Robert Wright wonders:
A few decades ago, Darwinians and creationists had a de facto nonaggression pact: Creationists would let Darwinians reign in biology class, and otherwise Darwinians would leave creationists alone. The deal worked. I went to a public high school in a pretty religious part of the country--south-central Texas--and I don't remember anyone complaining about sophomores being taught natural selection. It just wasn't an issue.
A few years ago, such biologists as Richard Dawkins and PZ Myers started violating the nonaggression pact. ... I don't just mean they professed atheism--many Darwinians had long done that; I mean they started proselytizing, ridiculing the faithful, and talking as if religion was an inherently pernicious thing. They not only highlighted the previously subdued tension between Darwinism and creationism but depicted Darwinism as the enemy of religion more broadly.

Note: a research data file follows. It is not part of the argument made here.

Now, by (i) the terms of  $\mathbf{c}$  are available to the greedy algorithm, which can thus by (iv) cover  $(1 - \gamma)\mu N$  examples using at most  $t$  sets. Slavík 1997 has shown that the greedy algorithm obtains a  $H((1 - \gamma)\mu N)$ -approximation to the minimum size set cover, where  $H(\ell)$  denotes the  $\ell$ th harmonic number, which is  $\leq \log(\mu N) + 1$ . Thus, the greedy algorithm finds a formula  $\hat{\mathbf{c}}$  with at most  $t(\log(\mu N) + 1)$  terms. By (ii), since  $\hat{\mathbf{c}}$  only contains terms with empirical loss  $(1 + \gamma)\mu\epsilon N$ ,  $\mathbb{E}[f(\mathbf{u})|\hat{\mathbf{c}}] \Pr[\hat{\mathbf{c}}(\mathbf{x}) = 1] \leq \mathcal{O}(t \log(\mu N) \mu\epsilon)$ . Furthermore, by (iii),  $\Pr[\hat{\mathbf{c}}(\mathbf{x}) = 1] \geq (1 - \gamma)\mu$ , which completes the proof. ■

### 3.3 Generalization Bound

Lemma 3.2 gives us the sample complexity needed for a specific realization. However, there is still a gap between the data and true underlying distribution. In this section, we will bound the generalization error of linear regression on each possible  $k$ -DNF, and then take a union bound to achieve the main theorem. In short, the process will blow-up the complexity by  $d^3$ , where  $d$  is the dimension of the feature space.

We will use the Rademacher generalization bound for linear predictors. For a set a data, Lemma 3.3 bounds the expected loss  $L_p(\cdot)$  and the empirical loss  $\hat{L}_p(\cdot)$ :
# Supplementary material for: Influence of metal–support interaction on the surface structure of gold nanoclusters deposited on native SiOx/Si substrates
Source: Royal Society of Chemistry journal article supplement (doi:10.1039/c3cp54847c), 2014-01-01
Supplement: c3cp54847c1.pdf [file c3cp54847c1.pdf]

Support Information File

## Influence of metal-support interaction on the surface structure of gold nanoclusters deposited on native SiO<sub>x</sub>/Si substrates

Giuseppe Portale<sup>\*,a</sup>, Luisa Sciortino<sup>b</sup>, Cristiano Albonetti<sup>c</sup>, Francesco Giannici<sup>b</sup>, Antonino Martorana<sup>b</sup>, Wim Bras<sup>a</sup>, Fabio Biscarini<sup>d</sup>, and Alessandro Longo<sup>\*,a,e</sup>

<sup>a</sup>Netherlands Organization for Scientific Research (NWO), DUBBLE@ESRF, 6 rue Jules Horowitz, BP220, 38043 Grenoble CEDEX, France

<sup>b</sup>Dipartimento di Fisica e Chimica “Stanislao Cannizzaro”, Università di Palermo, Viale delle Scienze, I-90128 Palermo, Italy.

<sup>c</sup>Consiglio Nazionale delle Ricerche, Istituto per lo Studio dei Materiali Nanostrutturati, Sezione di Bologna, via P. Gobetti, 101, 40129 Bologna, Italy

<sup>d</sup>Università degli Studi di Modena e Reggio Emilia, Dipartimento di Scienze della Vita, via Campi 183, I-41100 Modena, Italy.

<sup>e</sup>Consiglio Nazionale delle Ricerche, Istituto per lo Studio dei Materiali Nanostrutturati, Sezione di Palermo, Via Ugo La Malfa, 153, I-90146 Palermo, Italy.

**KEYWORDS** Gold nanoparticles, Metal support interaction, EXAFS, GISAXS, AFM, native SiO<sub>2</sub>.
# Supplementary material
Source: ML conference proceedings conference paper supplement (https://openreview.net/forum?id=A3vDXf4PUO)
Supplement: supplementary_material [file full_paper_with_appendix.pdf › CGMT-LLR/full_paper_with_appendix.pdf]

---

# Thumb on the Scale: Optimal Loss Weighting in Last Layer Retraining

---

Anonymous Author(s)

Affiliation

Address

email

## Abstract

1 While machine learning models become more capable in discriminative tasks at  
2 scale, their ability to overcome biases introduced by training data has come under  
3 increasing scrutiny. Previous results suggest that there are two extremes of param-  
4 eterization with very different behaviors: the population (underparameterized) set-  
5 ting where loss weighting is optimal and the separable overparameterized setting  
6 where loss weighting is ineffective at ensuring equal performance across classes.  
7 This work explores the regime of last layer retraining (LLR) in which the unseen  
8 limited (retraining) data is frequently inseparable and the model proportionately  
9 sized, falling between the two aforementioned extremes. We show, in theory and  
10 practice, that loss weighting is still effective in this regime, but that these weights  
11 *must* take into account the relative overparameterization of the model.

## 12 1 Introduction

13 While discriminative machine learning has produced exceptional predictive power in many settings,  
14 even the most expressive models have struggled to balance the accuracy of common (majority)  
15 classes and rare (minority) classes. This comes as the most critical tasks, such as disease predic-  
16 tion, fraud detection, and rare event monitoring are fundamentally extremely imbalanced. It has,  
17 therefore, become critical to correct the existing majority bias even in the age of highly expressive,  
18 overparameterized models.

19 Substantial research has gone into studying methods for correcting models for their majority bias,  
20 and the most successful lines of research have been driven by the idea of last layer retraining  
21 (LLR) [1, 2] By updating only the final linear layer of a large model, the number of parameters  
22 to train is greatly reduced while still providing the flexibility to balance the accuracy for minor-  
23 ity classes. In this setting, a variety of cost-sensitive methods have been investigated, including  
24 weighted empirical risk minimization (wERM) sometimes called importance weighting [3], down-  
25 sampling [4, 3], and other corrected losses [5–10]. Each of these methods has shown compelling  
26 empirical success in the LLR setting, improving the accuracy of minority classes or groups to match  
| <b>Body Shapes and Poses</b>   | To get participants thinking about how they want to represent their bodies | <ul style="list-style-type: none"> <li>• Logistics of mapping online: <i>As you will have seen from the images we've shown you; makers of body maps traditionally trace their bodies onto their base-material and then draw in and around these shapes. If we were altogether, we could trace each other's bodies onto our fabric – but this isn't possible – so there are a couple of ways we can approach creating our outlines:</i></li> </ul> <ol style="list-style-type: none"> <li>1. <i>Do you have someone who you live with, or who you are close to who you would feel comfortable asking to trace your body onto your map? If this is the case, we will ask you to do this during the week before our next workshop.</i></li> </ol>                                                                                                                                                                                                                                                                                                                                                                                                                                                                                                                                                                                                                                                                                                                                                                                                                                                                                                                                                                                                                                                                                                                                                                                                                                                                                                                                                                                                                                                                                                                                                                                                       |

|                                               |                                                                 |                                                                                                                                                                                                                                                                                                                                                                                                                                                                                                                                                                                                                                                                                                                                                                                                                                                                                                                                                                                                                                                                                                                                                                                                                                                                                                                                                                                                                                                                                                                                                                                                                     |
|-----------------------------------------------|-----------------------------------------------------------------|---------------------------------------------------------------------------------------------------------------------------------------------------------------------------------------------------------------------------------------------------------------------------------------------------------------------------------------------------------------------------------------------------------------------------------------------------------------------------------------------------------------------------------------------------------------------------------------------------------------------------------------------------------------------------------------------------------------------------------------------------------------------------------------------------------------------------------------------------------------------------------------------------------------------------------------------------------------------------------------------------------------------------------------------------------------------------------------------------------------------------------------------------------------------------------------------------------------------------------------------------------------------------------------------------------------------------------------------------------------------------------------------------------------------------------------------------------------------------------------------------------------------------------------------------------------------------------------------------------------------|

My fear is that the damage is broader--that fundamentalist Christians, upon being maligned by know-it-all Darwinians, are starting to see secular scientists more broadly as the enemy; Darwinians, climate scientists, and stem cell researchers start to seem like a single, menacing blur.
Three centuries after the Enlightenment and 46% of the people in the world's most powerful country believe a mythical being created humans from scratch. Wright may be on to something.
It's true that if you tell someone he's wrong, he'll often dig his heels in. But I think Wright misses the basic distinguishing feature separating religionists from atheists: we atheists tend to believe evidence, while religionists tend to have faith in magic. Tell an atheist he's wrong and generally he finds real, testable evidence to support his claim—or he changes his mind.